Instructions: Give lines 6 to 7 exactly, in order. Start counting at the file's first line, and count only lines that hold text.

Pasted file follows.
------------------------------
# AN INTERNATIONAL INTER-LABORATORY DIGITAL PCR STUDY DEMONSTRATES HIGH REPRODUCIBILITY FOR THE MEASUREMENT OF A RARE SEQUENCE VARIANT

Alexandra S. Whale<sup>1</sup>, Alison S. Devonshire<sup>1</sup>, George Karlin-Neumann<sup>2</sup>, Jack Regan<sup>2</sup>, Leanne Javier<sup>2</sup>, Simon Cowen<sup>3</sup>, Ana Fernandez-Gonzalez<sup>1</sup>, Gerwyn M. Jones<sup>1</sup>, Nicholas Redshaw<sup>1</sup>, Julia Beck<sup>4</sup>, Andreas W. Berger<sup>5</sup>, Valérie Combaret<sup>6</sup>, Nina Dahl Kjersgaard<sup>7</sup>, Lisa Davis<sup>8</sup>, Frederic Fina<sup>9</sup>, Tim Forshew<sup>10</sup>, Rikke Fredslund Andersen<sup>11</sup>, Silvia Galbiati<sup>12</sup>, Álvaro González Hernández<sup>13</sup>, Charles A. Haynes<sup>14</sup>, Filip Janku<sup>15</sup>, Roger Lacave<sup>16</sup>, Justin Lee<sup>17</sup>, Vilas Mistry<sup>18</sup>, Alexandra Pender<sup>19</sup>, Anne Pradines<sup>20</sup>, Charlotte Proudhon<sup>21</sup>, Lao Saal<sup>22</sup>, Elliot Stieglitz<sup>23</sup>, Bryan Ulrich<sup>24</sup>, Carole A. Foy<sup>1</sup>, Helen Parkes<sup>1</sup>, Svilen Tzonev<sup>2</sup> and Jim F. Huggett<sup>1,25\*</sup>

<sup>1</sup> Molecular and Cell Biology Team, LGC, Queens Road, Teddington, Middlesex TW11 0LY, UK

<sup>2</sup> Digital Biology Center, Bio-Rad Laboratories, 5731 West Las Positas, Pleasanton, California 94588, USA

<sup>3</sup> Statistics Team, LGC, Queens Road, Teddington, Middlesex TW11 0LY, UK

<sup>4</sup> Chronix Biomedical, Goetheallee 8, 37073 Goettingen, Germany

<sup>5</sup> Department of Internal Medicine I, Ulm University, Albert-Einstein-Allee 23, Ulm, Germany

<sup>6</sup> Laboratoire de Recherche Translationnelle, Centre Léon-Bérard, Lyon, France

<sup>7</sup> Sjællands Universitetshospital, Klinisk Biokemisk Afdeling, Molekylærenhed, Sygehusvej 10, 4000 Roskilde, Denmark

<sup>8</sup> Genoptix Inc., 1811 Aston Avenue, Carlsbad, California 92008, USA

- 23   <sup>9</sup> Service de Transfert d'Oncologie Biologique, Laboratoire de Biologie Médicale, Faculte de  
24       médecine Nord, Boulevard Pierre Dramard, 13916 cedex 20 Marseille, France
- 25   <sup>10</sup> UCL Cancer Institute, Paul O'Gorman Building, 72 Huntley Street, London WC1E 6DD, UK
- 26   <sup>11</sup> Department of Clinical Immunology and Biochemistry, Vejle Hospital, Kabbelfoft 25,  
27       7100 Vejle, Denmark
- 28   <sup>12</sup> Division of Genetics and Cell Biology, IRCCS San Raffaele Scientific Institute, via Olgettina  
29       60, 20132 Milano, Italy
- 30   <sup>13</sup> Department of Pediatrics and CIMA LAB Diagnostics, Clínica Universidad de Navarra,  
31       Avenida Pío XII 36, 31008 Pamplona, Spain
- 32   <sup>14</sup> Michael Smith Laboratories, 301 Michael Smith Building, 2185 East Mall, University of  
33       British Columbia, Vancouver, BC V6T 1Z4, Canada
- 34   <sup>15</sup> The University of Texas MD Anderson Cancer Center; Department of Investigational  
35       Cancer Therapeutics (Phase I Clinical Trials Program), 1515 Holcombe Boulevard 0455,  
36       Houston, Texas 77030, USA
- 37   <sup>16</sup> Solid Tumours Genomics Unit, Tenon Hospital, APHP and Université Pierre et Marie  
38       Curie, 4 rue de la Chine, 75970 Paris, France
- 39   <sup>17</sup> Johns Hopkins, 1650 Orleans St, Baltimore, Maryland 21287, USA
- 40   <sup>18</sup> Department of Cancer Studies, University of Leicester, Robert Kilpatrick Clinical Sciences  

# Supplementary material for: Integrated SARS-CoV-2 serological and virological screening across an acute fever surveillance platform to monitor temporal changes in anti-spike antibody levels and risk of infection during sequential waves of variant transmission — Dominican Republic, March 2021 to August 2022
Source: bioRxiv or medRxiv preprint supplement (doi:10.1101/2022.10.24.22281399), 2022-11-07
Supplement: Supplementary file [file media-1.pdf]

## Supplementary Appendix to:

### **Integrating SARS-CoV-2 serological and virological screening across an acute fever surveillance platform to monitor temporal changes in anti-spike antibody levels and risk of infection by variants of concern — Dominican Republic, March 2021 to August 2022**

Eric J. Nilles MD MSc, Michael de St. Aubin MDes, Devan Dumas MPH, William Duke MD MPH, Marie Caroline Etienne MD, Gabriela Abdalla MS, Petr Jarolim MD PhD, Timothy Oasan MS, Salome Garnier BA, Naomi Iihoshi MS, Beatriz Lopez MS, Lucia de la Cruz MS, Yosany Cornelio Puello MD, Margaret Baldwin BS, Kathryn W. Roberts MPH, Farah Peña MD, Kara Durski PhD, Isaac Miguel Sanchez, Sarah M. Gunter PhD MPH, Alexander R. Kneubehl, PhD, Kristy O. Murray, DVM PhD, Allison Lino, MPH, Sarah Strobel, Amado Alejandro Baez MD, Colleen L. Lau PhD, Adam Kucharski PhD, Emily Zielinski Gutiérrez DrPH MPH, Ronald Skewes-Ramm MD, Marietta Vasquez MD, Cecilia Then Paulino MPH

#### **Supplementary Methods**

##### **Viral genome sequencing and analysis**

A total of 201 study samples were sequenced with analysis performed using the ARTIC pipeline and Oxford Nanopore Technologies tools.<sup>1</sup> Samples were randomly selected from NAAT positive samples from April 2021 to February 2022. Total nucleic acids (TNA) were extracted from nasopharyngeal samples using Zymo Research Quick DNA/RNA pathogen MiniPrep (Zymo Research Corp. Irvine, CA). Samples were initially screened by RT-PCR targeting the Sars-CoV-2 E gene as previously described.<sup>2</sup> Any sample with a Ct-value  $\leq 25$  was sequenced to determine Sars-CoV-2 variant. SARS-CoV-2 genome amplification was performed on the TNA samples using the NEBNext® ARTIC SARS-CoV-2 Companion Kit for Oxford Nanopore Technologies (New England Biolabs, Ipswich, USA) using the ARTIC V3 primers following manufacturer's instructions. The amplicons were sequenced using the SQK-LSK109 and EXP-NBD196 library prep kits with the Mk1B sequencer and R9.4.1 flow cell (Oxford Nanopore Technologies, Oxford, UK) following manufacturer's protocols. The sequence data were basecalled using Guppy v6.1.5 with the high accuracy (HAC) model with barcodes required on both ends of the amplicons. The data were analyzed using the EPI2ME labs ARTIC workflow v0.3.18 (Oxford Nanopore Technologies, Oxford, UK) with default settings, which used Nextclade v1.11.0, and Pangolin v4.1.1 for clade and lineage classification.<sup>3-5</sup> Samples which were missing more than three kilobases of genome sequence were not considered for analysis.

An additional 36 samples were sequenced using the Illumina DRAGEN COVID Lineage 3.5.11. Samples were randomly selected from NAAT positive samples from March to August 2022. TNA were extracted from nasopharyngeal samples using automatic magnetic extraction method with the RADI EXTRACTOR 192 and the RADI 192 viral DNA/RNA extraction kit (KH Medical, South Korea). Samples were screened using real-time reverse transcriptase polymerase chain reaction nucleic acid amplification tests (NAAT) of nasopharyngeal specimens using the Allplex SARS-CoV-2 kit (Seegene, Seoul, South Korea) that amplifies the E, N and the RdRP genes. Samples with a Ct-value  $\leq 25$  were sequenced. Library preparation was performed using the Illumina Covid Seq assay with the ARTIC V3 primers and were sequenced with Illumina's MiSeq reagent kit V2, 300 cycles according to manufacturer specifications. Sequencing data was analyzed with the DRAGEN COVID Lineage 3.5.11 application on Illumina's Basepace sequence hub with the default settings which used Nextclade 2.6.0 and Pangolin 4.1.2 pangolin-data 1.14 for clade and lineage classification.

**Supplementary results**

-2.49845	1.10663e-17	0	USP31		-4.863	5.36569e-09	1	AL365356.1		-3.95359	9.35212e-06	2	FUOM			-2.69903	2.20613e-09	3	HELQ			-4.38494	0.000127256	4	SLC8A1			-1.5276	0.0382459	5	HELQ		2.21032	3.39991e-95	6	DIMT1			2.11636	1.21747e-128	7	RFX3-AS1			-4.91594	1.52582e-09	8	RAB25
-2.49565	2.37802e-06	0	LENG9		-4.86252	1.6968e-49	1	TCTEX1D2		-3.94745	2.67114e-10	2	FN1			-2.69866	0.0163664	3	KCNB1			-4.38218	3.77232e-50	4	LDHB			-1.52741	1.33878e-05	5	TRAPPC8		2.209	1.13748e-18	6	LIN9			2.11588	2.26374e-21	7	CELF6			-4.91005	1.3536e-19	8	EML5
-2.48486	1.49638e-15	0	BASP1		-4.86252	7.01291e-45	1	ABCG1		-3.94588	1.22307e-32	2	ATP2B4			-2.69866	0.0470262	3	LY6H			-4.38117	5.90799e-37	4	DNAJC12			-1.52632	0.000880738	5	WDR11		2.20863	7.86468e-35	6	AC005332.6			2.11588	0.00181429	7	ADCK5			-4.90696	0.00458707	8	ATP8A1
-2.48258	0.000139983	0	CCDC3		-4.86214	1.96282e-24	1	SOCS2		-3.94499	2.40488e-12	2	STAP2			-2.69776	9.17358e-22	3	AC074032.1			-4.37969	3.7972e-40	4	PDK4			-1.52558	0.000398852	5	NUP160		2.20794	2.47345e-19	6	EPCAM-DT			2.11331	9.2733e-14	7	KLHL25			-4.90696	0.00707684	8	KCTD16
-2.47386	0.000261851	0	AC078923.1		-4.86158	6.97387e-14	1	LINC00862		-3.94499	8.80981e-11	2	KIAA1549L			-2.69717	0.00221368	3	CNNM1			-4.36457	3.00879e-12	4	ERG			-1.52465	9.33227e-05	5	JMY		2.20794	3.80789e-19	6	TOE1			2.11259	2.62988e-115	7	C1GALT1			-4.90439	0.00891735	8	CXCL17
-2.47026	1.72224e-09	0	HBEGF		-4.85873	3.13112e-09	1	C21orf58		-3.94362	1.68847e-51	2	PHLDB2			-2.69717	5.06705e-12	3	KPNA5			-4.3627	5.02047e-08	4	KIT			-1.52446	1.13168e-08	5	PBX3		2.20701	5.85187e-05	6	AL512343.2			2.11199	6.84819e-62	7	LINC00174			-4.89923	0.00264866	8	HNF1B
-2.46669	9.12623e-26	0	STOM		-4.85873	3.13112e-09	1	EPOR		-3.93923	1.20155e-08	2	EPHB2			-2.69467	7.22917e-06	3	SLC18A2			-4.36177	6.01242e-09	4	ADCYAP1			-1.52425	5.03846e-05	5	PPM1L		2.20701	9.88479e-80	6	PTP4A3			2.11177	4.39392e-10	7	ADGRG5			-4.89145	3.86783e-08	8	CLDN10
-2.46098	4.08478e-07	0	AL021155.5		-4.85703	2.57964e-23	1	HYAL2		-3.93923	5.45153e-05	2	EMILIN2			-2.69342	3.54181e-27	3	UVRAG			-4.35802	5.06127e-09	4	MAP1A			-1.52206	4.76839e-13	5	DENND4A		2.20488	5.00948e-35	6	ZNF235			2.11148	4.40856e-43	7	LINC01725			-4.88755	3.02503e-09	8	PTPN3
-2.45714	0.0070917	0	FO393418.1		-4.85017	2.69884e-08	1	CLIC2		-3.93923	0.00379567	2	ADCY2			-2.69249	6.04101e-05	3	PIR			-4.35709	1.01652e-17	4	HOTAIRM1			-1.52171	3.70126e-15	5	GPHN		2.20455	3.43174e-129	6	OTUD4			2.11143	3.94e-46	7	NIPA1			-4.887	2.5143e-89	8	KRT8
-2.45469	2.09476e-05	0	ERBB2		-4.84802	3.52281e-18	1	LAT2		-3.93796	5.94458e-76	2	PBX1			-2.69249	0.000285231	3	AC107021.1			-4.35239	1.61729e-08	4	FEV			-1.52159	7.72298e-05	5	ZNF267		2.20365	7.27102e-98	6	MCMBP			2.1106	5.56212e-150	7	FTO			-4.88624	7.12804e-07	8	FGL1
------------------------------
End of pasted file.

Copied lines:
<sup>4</sup> Chronix Biomedical, Goetheallee 8, 37073 Goettingen, Germany

<sup>5</sup> Department of Internal Medicine I, Ulm University, Albert-Einstein-Allee 23, Ulm, Germany